Four undocumented high school students won a prestigious NASA-sponsored robotics competition a decade ago by building a robot out of PVC pipes, duct tape and tampons. Now, their story is being told through the new documentary “Underwater Dreams.”
Christian Arcega, Lorenzo Santillan, Luis Aranda and Oscar Vasquez – the team representing Carl T. Hayden Community High in Arizona – entered their robot, nicknamed Stinky, in the competition at the University of California at Santa Barbara.
Few expected the Hayden team, faced with stiff competition from top engineering universities like MIT, to succeed, especially considering Stinky was pieced together with cheap parts bought at Home Depot.
Sure enough, when they first put Stinky in the water, the robot sank. So the kids got creative: They added eight super-plus tampons to plug leaks in the robot’s mechanical victory.
"You have four kids that come from nothing, and look what they did," documentary maker Mary Mazzio told the Associated Press in a recent interview. "There are millions of kids like them. All they need is a little bit of opportunity to flourish."
The film is being released amid a surge of undocumented children are crossing the border, sparking the country’s already intense immigration debate.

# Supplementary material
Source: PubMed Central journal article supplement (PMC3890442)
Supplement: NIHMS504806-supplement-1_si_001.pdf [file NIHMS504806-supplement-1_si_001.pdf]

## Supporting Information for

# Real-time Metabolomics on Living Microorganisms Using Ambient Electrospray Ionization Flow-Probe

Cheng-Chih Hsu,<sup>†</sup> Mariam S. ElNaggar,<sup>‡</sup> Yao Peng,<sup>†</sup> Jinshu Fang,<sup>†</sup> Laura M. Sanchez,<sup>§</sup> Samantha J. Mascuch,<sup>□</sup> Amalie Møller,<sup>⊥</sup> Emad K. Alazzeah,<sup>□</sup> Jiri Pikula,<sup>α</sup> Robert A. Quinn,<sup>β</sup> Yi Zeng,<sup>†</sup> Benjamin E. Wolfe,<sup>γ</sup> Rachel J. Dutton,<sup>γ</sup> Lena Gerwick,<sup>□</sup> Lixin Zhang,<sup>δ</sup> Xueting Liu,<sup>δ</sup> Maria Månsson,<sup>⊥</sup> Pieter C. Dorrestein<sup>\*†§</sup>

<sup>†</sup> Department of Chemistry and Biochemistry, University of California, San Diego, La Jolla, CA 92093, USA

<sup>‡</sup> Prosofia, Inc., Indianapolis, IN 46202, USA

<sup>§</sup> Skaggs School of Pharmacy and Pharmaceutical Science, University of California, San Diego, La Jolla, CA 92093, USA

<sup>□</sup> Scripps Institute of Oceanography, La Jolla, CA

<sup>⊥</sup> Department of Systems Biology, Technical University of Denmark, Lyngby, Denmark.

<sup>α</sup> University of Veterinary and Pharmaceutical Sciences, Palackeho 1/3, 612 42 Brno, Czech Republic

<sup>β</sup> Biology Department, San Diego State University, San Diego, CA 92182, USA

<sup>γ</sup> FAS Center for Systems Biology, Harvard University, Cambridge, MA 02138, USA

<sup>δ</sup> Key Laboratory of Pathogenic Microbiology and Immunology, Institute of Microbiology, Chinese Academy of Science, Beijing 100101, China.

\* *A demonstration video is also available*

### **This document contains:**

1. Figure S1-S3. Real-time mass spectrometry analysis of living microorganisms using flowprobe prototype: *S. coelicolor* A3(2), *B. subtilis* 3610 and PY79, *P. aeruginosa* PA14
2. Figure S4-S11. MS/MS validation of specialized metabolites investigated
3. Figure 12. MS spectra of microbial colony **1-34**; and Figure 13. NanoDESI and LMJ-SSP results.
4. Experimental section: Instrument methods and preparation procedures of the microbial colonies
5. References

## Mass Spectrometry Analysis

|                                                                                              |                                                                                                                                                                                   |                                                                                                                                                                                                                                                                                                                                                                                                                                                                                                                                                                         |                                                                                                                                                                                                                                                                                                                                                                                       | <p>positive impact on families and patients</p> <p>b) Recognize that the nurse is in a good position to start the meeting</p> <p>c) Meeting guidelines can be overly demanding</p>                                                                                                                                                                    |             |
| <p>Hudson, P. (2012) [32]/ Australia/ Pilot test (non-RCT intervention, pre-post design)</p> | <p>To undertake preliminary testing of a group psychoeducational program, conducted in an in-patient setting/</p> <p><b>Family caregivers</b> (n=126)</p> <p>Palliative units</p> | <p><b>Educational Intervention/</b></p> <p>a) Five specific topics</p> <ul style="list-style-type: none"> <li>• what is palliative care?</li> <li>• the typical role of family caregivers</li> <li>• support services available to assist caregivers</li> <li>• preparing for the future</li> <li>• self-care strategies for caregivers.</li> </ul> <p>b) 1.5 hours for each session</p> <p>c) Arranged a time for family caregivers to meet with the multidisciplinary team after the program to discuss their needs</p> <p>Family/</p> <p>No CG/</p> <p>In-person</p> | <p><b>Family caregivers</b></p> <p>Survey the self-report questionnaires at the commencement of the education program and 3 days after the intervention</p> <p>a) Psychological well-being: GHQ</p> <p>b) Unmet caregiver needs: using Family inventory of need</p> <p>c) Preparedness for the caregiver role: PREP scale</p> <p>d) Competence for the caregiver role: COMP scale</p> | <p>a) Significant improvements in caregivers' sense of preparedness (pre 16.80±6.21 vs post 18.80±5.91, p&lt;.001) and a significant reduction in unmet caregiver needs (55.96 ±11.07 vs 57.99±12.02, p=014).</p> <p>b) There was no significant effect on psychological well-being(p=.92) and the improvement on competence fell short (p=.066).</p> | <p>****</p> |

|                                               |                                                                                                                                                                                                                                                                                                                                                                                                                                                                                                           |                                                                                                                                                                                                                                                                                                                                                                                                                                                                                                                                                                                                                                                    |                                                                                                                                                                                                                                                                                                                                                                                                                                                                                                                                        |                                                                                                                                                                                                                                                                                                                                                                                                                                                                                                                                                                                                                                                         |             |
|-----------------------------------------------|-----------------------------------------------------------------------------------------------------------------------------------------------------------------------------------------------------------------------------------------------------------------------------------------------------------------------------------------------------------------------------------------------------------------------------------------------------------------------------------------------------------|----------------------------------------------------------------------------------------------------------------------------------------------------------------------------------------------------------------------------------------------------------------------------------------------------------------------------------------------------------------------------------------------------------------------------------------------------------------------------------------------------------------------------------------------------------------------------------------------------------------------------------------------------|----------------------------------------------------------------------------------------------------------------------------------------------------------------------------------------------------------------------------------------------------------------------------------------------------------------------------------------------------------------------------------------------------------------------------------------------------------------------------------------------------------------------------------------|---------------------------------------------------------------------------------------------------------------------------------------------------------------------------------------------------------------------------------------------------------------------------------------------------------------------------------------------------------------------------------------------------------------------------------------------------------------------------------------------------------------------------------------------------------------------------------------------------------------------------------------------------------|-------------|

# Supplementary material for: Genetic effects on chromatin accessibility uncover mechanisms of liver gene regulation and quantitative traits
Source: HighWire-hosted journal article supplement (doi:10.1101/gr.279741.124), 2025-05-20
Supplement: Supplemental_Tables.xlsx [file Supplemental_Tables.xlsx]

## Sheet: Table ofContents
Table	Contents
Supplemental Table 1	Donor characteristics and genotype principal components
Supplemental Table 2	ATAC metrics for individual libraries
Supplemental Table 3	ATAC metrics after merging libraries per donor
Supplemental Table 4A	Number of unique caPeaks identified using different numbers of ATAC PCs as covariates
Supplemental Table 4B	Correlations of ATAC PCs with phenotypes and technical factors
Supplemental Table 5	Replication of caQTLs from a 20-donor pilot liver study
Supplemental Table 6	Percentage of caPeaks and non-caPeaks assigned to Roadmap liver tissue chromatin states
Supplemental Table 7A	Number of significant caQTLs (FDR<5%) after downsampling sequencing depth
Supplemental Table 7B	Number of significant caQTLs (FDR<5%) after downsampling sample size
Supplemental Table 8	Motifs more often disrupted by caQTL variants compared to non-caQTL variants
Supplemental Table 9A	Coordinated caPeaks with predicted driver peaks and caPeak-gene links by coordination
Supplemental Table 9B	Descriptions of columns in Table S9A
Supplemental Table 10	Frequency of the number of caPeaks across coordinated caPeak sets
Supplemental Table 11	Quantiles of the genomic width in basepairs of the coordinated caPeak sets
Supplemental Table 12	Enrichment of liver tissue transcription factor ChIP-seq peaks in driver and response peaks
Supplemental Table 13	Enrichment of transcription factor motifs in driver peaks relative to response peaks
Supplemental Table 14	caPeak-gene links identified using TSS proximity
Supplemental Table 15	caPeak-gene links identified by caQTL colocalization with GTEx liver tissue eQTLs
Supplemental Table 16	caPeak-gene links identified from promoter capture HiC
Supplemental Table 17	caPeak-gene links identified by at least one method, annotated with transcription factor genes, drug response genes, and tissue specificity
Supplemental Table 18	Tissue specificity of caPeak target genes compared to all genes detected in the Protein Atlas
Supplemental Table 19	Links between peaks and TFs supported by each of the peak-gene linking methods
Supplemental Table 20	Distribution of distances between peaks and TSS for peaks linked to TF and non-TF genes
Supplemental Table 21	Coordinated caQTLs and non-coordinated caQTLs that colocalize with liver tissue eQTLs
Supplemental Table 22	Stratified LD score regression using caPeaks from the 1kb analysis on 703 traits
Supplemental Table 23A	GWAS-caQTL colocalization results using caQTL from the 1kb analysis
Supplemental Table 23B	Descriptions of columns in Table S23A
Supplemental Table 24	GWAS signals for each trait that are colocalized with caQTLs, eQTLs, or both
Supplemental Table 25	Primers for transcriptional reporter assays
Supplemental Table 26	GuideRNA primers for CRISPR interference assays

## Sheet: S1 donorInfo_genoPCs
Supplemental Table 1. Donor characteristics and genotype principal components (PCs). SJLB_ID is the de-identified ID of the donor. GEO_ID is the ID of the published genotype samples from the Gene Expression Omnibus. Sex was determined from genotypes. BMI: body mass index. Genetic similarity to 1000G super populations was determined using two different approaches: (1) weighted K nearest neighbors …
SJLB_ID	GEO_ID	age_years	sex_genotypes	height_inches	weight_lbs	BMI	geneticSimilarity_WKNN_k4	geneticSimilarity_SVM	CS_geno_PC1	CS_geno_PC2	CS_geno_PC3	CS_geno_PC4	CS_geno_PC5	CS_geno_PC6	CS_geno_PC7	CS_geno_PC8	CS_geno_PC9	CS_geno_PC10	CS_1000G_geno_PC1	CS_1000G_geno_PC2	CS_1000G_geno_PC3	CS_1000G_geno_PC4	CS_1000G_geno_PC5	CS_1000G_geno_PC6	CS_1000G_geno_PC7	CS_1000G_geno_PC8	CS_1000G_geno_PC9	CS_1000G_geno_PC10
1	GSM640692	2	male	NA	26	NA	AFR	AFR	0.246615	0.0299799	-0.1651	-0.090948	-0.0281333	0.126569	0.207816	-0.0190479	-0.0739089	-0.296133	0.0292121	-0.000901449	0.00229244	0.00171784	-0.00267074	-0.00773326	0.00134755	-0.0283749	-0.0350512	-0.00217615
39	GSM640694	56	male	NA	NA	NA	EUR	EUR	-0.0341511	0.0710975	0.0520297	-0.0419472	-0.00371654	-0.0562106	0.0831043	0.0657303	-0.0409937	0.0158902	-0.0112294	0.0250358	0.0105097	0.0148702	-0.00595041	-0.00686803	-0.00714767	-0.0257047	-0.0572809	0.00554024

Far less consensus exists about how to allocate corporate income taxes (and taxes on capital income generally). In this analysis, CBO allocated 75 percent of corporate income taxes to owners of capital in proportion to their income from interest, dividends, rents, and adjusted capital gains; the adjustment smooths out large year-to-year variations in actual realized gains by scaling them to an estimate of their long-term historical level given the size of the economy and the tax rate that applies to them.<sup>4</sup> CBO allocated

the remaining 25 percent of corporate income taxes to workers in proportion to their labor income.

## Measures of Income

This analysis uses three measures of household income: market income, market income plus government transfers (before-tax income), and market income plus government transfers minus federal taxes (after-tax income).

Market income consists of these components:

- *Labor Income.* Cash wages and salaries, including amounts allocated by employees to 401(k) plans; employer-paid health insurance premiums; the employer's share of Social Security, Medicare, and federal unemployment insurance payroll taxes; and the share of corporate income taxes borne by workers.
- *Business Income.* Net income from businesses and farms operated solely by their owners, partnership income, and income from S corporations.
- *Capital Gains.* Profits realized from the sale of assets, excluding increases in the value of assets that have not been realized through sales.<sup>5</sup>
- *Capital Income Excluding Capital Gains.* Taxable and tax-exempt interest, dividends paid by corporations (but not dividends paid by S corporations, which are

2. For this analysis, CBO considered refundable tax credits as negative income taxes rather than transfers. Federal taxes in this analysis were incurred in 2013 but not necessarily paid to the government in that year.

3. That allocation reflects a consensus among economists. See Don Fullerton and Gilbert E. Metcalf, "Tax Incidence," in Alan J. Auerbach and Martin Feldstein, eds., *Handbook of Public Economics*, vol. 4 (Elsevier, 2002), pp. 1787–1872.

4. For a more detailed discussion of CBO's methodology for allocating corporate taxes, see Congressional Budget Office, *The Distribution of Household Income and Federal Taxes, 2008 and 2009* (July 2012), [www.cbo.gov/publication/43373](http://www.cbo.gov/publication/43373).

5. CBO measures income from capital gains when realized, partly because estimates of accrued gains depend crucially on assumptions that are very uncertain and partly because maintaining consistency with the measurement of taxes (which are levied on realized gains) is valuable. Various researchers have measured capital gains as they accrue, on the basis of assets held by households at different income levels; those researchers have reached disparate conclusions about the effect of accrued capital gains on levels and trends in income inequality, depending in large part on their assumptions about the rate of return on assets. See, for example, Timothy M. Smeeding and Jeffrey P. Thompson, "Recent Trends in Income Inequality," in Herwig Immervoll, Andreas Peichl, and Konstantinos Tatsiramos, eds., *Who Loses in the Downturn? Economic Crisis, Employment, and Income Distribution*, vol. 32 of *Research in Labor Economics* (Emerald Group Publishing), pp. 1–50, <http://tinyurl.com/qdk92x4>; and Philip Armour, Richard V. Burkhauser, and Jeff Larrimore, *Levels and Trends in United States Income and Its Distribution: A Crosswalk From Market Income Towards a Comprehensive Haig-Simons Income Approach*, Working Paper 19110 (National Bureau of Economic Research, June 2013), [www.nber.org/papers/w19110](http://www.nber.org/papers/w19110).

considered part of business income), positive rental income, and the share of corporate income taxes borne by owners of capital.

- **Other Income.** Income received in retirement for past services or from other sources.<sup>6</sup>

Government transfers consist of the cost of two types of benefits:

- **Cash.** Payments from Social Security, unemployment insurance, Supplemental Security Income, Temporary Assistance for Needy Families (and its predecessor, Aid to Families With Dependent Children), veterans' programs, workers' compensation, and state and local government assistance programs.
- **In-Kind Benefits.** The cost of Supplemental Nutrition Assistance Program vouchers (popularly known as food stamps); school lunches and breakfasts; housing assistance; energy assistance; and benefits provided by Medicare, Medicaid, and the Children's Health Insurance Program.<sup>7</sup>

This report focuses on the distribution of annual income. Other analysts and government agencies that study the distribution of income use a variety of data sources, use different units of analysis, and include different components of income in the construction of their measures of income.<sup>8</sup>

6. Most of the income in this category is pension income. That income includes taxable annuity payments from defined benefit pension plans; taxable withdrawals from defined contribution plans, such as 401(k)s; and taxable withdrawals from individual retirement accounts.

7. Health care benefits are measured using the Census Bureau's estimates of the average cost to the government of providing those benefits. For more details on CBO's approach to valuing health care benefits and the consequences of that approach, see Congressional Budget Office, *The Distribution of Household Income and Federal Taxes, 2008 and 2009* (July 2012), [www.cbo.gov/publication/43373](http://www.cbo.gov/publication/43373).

The documentary, which includes actual footage from the competition, incorporates interviews from the students themselves, their parents and members of the losing MIT robotics team. It also stresses the importance of closing the Latino student achievement gap, especially in STEM education.
"Underwater Dreams" was released on Friday, July 11, at AMC Empire 25 in New York and AMC Burbank in Los Angeles.
Beginning July 19, AMC will host 100 free screenings to community organizations across the country.
MSNBC and Telemundo will simultaneously broadcast a special television version of “Underwater Dreams” (in both English and Spanish) on Sunday, July 20, at 1 p.m. ET. Mun2 will broadcast the following day.